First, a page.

Ryan Skinner is a musical anthropologist who studies the expressive cultures and social worlds of contemporary Africa and its European diaspora, with extensive fieldwork conducted in Mali and Sweden. Specializing in the analytic methods of cultural anthropology and ethnomusicology, Skinner’s research focuses on issues of popular culture, ethics and aesthetics, public piety, cultural policy, intellectual property, racial identity and politics, and new social movements in the African world. Skinner’s scholarship has appeared in such journals as African and Black Diaspora, Africa Today, Research in African Literatures, Anthropological Quarterly, Africa, IASPM@Journal, Popular Music and Mande Studies. He is the author of Bamako Sounds: The Afropolitan Ethics of Malian Music (University of Minnesota Press, 2015), an ethnographic study of the popular music, postcolonial history and public culture of Bamako, Mali.
Skinner’s current research examines modes of expression, identification, and political engagement within an emergent Afro-Swedish community. Rooted in contemporary Sweden and routed throughout Africa and its diaspora, Afro-Swedes are part of a growing African and diasporic presence in contemporary Europe, the product of multiple patterns of postcolonial labor, leisure, adoption, migration, refuge, and asylum. Through ethnographic inquiry, textual analysis, and historical study, this work explores understandings and expressions of Afro-Swedish identity in music, dance, theater, film, and verbal art. This research has been generously supported by grants from the Ohio State University College of Arts and Sciences, American Swedish Institute, and the American Scandinavian Association, and an ACLS Charles A. Ryskamp Fellowship.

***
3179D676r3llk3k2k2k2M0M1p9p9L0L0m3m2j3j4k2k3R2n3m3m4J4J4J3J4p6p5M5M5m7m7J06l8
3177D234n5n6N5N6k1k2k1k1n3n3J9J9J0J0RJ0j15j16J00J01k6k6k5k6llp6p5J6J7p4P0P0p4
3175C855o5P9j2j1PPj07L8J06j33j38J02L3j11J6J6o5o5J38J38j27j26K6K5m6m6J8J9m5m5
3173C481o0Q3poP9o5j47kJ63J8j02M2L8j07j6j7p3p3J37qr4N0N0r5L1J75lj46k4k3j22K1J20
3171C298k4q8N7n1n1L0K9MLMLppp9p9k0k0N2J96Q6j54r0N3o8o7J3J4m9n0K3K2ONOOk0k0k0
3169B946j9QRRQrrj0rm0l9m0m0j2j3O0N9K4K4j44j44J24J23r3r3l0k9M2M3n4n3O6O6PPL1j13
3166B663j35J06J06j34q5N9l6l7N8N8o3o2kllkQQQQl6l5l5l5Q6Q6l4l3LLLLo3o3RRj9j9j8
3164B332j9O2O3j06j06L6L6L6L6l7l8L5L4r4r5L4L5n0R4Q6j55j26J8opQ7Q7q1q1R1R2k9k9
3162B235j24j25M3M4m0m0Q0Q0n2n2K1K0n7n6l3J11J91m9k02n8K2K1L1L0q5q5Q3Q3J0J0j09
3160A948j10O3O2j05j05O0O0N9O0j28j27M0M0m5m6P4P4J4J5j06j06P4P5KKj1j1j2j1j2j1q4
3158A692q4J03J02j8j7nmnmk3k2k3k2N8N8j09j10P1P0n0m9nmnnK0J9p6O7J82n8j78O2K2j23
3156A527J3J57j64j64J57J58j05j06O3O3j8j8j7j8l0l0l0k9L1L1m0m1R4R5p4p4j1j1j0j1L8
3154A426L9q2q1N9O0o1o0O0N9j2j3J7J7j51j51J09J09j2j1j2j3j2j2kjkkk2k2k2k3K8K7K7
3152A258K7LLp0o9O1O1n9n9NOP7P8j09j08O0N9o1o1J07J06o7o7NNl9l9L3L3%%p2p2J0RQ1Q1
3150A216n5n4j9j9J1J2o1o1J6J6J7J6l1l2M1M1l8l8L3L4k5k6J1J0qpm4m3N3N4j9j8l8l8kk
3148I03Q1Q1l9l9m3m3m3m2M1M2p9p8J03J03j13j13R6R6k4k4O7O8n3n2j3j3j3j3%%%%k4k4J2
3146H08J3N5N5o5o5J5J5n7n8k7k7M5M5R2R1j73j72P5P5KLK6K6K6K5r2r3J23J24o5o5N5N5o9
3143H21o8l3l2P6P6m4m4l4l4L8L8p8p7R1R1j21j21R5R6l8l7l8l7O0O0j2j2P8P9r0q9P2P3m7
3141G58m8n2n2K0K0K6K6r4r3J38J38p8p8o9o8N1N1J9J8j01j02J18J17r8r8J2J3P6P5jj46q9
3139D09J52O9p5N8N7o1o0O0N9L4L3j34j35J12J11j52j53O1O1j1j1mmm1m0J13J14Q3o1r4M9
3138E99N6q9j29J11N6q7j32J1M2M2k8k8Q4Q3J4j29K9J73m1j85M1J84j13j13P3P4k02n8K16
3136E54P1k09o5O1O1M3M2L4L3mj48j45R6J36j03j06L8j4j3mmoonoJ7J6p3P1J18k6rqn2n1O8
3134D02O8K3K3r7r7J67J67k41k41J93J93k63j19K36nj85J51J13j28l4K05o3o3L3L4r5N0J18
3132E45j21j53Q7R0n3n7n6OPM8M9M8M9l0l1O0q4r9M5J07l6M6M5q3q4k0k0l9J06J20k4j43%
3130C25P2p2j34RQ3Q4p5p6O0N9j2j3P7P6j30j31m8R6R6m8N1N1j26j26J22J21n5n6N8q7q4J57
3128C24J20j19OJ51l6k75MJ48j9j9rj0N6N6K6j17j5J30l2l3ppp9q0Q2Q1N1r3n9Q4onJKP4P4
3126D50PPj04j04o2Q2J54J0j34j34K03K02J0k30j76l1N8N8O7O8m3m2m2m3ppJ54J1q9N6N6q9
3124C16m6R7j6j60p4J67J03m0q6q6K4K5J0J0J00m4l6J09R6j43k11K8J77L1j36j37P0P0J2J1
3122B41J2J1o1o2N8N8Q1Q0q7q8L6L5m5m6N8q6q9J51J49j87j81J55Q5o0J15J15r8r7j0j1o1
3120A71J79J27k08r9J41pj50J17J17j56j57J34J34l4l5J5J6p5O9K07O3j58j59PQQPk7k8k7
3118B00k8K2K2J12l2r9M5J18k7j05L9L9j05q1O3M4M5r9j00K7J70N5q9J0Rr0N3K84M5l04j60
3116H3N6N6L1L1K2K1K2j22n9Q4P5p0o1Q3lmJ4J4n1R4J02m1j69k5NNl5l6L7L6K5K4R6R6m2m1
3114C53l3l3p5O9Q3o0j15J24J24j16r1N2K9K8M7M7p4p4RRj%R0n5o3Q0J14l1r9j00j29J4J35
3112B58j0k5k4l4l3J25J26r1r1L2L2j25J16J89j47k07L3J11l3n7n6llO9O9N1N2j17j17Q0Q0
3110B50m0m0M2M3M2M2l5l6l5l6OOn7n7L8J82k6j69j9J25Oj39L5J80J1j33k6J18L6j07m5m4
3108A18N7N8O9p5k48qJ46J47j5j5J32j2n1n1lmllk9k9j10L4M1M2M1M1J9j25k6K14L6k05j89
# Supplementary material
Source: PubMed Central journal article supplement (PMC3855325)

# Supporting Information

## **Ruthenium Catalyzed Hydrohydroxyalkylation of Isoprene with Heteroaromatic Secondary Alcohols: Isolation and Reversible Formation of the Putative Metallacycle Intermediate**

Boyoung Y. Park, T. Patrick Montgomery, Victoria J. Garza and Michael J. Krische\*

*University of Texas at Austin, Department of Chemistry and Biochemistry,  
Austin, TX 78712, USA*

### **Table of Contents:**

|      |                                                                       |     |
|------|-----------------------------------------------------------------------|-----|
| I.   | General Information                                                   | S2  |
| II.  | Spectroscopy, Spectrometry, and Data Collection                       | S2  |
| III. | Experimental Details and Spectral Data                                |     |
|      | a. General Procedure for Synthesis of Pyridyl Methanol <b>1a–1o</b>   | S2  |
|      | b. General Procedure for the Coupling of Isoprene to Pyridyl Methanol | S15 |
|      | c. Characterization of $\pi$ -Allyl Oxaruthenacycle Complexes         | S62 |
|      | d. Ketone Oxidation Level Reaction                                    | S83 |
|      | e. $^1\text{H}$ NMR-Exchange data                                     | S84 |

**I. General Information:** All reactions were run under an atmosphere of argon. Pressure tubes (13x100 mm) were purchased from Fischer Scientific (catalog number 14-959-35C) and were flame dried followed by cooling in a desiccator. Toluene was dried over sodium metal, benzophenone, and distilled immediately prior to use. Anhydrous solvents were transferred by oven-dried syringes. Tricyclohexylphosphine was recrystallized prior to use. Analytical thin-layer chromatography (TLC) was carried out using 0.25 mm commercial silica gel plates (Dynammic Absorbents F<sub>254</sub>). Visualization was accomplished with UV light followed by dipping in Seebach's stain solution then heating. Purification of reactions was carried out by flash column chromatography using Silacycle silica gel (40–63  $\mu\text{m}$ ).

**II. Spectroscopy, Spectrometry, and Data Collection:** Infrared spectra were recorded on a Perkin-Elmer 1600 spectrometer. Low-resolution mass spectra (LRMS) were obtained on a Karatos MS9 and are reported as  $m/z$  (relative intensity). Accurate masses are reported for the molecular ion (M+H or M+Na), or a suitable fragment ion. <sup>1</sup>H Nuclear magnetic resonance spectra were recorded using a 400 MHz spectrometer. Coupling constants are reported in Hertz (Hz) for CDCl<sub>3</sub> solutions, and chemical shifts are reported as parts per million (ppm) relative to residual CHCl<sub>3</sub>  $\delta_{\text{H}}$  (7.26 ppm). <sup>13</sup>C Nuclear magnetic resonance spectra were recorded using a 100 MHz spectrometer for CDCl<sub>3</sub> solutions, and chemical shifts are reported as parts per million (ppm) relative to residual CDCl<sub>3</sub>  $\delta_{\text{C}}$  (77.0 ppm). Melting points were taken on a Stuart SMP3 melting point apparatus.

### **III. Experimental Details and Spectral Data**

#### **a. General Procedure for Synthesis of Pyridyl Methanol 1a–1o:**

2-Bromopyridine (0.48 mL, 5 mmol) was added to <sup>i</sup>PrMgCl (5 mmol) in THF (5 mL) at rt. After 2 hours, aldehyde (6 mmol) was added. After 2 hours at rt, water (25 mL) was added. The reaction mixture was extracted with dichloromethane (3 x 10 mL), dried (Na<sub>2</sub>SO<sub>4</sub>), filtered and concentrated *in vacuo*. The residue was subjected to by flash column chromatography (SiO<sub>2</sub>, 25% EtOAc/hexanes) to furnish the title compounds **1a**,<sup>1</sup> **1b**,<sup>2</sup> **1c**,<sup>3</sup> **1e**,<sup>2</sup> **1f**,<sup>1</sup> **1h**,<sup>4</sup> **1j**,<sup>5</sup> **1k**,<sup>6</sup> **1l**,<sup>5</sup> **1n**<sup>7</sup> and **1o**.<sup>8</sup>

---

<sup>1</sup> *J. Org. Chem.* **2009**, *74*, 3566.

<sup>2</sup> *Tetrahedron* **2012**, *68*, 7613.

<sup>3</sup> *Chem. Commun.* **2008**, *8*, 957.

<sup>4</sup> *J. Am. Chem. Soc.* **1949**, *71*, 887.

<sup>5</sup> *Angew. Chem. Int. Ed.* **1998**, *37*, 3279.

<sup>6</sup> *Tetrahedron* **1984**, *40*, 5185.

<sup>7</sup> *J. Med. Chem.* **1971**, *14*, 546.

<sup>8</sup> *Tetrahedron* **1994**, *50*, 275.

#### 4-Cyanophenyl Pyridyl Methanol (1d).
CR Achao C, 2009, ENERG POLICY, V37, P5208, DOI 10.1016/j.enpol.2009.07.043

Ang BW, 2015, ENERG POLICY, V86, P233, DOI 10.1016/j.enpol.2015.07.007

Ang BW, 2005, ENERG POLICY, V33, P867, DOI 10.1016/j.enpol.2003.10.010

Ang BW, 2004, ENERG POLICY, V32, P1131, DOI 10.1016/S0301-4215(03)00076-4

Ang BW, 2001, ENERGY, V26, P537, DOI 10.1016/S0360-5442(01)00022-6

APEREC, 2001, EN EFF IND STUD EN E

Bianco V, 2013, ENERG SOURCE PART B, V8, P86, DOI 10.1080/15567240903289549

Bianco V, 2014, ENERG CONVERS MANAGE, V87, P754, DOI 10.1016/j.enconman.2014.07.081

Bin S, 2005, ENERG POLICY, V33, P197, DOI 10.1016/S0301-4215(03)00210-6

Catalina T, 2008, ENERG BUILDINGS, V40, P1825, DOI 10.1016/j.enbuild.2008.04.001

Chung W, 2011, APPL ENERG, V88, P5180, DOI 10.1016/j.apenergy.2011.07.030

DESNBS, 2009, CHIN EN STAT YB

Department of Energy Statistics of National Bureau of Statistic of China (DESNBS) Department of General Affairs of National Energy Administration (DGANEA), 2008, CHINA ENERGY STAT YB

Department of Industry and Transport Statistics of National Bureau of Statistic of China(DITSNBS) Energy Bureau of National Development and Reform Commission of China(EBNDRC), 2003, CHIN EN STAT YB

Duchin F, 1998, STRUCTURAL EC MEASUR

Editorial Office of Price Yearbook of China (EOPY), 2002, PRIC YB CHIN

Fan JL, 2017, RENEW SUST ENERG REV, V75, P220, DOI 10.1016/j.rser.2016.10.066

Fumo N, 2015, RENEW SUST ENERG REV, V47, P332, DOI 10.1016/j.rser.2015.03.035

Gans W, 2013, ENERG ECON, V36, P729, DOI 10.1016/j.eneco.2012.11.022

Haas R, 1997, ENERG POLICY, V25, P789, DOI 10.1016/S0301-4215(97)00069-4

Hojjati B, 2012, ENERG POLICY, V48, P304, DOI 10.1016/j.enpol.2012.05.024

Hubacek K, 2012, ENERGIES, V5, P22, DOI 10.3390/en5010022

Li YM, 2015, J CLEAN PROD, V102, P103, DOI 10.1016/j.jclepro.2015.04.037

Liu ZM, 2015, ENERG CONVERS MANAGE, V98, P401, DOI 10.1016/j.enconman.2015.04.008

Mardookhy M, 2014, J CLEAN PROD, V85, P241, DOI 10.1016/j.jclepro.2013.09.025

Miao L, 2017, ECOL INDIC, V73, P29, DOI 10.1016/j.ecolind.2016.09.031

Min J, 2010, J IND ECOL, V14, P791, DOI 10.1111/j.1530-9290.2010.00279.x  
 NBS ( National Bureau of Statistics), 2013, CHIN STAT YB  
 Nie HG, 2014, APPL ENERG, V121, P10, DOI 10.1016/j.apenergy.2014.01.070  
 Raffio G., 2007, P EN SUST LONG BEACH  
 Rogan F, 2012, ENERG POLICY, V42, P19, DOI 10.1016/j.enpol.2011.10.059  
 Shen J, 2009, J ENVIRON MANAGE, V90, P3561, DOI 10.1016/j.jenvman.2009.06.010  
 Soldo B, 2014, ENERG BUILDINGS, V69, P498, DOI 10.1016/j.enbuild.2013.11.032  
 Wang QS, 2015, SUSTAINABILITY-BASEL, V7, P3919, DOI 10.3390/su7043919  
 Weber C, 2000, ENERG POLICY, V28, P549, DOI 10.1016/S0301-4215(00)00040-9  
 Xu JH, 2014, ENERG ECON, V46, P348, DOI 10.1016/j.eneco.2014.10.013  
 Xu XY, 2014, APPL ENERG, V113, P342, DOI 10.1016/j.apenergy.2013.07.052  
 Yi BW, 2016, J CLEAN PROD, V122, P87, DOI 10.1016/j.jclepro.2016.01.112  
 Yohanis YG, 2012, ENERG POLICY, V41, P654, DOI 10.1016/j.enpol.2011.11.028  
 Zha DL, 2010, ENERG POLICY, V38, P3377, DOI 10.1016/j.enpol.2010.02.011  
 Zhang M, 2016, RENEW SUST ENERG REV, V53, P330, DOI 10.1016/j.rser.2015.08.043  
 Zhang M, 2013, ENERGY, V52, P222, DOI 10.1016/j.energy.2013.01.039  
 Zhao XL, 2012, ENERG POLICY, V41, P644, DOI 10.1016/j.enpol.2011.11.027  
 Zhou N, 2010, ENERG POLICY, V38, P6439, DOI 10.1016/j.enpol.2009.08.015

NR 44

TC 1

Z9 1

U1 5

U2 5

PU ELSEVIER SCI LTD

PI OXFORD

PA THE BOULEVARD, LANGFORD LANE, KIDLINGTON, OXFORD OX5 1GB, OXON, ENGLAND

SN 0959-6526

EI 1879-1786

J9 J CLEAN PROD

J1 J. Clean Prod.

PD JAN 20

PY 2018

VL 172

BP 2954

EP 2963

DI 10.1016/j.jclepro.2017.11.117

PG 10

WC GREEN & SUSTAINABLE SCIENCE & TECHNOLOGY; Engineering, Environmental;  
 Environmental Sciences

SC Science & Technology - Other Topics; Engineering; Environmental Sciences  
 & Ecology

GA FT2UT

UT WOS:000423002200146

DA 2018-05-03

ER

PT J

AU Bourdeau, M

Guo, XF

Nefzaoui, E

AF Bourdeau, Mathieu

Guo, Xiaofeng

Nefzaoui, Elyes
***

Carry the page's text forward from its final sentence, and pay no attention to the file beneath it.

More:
Skinner is also the author and illustrator of the award-winning children's book, Sidikiba's Kora Lesson (Beaver's Pond Press, 2008) and is an accomplished kora (21-stringed West African harp) player.
Skinner directs the Lectures in Musicology series in the School of Music and serves as director of Undergraduate Studies in the Department of African American and African Studies. He holds affiliations with the Departments of French and Italian and Germanic Languages and Literatures.
- 2018. “Walking, Talking, Remembering: An Afro-Swedish Critique of Being-in-the-world,” African and Black Diaspora
- 2017. “Why Afropolitanism Matters,” Africa Today
- 2015. “An Afropolitan Muse,” Research in African Literatures
- 2013. “Money Trouble in an African Art World: Copyright, Piracy, and the Politics of Culture in Postcolonial Mali,” IASPM@Journal
- 2012. “Cultural Politics in the Post-Colony: Music, Nationalism, and Statism in Mali, 1964-1975,” Africa: Journal of the International African Institute
- 2012. “Artists, Music Piracy, and the Crisis of Political Subjectivity in Contemporary Bamako,” Anthropological Quarterly
- 2010. “Civil Taxis and Wild Trucks: The Dialectics of Social Space and Subjectivity in Dimanche à Bamako,” Popular Music